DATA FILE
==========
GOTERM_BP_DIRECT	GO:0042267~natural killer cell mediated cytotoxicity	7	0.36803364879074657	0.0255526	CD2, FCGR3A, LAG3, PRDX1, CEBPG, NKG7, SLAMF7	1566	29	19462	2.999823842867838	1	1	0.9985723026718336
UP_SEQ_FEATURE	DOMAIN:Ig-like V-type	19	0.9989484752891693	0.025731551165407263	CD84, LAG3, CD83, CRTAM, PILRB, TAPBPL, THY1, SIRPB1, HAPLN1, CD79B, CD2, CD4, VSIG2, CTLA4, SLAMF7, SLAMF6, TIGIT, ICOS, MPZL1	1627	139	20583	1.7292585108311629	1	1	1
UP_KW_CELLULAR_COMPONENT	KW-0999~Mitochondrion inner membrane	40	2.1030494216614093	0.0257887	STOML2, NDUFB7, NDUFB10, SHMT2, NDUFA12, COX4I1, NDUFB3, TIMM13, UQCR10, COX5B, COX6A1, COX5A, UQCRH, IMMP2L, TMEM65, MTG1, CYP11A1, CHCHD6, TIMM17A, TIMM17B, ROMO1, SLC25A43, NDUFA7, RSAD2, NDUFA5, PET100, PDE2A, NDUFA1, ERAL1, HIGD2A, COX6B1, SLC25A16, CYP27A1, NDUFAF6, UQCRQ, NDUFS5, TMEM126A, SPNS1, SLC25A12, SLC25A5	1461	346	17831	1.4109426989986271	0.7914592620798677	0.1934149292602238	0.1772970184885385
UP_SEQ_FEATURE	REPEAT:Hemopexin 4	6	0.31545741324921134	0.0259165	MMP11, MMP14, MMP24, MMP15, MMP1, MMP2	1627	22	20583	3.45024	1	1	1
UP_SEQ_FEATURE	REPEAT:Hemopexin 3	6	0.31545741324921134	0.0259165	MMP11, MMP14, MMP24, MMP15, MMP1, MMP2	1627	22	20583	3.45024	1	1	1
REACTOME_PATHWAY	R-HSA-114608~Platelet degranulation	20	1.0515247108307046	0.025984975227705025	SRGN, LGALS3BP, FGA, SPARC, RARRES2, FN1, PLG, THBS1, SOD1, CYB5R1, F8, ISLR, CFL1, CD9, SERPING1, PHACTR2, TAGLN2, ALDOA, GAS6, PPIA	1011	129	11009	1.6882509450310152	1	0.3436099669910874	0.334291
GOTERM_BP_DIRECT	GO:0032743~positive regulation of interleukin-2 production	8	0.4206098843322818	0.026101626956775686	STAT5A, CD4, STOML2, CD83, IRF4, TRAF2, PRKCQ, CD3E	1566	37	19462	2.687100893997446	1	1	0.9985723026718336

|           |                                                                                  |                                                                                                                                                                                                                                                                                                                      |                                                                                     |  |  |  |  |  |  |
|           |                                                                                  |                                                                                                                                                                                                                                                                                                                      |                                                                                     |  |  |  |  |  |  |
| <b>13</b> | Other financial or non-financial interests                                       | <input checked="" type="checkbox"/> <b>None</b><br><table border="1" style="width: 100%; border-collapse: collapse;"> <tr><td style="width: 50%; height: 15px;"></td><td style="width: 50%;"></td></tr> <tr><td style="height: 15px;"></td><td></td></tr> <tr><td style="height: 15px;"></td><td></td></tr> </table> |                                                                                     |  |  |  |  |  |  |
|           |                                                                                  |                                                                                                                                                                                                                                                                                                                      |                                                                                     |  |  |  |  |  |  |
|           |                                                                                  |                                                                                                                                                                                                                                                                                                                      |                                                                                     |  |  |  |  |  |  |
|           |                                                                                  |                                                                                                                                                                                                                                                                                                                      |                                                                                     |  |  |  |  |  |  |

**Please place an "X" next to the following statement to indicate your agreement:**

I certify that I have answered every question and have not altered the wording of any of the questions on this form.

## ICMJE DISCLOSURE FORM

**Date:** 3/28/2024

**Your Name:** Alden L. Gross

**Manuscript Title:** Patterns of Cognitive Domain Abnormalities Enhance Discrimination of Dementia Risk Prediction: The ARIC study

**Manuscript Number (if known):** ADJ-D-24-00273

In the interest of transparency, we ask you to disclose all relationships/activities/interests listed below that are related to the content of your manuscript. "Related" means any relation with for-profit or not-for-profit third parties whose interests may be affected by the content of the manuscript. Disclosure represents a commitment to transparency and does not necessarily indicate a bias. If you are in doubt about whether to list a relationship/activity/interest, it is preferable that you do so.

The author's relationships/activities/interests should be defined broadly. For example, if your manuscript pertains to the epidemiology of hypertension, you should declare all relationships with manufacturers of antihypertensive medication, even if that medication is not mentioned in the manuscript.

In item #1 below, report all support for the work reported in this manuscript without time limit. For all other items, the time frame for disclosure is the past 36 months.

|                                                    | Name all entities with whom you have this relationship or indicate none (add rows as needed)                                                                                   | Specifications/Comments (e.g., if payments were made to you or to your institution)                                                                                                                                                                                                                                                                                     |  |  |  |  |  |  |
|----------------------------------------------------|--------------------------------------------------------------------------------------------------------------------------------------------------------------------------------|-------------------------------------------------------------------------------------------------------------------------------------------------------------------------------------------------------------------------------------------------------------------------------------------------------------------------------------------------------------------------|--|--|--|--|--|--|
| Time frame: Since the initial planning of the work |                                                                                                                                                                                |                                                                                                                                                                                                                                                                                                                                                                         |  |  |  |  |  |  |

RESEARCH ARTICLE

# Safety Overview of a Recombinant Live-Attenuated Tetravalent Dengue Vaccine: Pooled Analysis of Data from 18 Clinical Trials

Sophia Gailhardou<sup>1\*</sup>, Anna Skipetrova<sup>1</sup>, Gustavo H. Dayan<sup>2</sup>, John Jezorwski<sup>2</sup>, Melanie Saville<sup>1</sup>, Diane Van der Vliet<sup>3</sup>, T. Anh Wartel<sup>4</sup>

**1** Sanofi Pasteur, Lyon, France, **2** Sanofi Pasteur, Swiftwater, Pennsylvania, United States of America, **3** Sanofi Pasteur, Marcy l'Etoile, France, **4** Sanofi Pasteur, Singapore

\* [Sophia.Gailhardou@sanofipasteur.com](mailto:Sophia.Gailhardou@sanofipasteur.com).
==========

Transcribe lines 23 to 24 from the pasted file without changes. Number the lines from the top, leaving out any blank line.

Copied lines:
In item #1 below, report all support for the work reported in this manuscript without time limit. For all other items, the time frame for disclosure is the past 36 months.

|                                                    | Name all entities with whom you have this relationship or indicate none (add rows as needed)                                                                                   | Specifications/Comments (e.g., if payments were made to you or to your institution)                                                                                                                                                                                                                                                                                     |  |  |  |  |  |  |